Beethoven in Russia
Music and Politics
Published by: Indiana University Press
346 pages, 155.00 x 235.00 mm, 42 b&w illus., 5 b&w tables
- ISBN: 9780253063052
- Published: November 2022
How did Ludwig van Beethoven help overthrow a tsarist regime? With the establishment of the Russian Musical Society and its affiliated branches throughout the empire, Beethoven's music reached substantially larger audiences at a time of increasing political instability. In addition, leading music critics of the regime began hearing Beethoven's dramatic works as nothing less than a call to revolution.
Beethoven in Russia deftly explores the interface between music and politics in Russia by examining the reception of Beethoven's works from the late 18th century to the present. In part 1, Frederick W. Skinner's clear and sweeping review examines the role of Beethoven's more dramatic works in the revolutionary struggle that culminated in the Revolution of 1917. In part 2, Skinner reveals how this same power was again harnessed to promote Stalin's campaign of rapid industrialization. The appropriation of Beethoven and his music to serve the interests of the state remained the hallmark of Soviet Beethoven reception until the end of communist rule.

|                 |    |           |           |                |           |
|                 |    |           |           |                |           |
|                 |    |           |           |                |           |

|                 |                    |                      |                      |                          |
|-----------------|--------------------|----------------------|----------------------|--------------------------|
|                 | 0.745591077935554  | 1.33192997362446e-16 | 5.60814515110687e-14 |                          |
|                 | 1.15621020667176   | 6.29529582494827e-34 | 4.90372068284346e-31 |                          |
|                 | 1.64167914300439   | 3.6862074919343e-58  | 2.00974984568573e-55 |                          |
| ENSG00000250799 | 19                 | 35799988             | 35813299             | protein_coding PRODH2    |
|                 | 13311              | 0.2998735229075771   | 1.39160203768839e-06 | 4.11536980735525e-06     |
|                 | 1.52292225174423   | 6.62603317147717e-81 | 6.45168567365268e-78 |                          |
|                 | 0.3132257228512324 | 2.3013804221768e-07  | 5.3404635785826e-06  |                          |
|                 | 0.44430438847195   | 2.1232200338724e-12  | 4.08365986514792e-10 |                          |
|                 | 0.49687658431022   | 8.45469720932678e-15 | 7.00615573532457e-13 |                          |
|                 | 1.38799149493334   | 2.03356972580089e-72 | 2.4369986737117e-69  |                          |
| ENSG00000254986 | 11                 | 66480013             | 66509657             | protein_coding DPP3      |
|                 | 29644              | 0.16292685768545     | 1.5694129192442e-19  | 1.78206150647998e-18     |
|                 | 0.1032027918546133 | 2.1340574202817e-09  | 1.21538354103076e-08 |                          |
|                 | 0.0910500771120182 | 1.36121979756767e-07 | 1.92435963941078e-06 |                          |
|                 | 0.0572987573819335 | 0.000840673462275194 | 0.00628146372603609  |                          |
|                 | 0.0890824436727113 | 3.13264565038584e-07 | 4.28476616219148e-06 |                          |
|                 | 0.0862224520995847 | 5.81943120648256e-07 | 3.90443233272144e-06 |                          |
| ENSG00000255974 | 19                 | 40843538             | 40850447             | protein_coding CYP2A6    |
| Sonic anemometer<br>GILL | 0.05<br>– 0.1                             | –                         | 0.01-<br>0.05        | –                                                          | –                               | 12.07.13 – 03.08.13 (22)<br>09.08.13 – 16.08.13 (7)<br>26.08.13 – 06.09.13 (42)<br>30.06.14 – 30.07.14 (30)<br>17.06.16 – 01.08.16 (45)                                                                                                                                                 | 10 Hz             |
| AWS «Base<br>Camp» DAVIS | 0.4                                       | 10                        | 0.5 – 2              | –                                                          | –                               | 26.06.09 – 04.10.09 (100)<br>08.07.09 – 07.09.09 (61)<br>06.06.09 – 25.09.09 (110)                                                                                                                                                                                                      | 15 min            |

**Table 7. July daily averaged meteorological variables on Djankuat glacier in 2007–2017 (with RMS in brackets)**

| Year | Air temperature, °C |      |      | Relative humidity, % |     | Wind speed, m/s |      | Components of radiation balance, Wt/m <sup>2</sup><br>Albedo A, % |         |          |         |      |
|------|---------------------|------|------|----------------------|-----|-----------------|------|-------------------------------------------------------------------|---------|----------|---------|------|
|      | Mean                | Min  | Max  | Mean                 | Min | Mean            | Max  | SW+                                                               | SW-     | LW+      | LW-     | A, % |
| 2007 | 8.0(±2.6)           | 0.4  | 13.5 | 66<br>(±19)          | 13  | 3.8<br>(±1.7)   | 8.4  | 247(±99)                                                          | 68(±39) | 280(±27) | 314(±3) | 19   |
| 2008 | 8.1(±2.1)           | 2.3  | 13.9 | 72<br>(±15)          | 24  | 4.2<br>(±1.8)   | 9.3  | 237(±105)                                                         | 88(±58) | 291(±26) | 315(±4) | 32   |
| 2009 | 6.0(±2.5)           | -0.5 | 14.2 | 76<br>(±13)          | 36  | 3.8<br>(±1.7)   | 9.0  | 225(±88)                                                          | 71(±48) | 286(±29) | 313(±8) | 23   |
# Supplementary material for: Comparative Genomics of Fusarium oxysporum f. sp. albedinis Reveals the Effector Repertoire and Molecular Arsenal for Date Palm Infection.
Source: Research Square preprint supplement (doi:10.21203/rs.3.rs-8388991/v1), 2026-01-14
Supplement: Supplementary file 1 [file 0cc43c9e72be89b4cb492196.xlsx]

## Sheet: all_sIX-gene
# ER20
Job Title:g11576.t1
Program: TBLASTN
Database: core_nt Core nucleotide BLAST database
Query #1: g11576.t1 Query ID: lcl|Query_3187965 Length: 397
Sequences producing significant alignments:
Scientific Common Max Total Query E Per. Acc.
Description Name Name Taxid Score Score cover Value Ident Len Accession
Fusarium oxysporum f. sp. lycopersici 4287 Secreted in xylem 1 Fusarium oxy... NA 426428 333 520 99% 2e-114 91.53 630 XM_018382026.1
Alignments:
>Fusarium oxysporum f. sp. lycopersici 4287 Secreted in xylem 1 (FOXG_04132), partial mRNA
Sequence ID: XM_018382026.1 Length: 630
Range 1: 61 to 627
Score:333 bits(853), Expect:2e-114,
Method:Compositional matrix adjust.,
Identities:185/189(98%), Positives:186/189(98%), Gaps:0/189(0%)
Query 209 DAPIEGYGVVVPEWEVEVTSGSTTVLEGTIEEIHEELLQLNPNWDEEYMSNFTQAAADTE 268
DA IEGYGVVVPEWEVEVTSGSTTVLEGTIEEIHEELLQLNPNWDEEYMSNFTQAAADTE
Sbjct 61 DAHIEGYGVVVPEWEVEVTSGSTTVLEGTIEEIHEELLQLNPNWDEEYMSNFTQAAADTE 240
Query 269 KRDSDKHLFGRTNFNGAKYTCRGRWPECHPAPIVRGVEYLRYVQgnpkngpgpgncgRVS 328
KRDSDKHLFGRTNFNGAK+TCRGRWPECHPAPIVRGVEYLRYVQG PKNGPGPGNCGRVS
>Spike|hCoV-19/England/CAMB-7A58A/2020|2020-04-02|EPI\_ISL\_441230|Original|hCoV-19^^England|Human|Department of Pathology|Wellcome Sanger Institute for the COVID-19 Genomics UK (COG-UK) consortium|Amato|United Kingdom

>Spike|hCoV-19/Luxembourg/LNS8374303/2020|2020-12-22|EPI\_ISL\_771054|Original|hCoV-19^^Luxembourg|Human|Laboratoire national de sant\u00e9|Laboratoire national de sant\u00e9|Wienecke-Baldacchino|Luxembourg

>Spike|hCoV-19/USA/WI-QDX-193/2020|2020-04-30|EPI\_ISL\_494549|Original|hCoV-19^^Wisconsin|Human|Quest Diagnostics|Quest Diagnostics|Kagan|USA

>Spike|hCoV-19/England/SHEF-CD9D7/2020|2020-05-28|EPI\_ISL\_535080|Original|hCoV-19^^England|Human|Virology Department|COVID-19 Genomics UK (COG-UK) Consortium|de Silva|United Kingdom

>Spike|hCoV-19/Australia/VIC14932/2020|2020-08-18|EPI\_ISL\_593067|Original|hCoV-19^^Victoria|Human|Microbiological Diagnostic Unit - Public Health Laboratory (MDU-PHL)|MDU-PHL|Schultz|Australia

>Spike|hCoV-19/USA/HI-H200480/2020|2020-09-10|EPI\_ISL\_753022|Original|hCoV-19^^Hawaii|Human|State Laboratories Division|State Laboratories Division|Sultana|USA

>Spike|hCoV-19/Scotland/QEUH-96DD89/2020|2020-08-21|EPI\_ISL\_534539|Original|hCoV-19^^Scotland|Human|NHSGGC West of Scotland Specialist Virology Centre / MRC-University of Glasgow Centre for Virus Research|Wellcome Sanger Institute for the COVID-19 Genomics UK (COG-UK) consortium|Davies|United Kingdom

With interdisciplinary appeal in the areas of history, music, literature, and political thought, Beethoven in Russia shows how Beethoven's music served as a call to action for citizens and weaponized state propaganda in the great political struggles that shaped modern Russian history.
Prelude: Music in the Tsar's Gulag
Part I: RUSSIA BEFORE 1917
1. Encountering Beethoven: Salon and Concert Hall
2. Engaging Beethoven: Writer and Critic
3. Evaluating Beethoven: From Freude to Freiheit
4. Embracing Beethoven: Concert Hall and Riverbank
Part II: RUSSIA AFTER 1917
5. Beethoven as Revolutionary: Red Star Rising
6. Beethoven as Icon: Cult and Canon
7. Beethoven as Beethoven: The End of Ideology
Postlude: Project Gulag 2010
Skinner's survey of Beethoven reception in Russia from the 1790s through 2010 is constructed from an astonishing compendium of details compiled over decades of research and reflection. The adoption of the heroic Beethoven for revolutionary and communist purposes—an adoption the West believes to be a perversion—makes sense not as abuse but as a logical outgrowth of the Romantic idealization of the composer. Ultimately, Skinner provokes us into re-examining our own 'Beethovens.'~William Meredith, emeritus director of the Ira F. Brilliant Center for Beethoven Studies, San José State University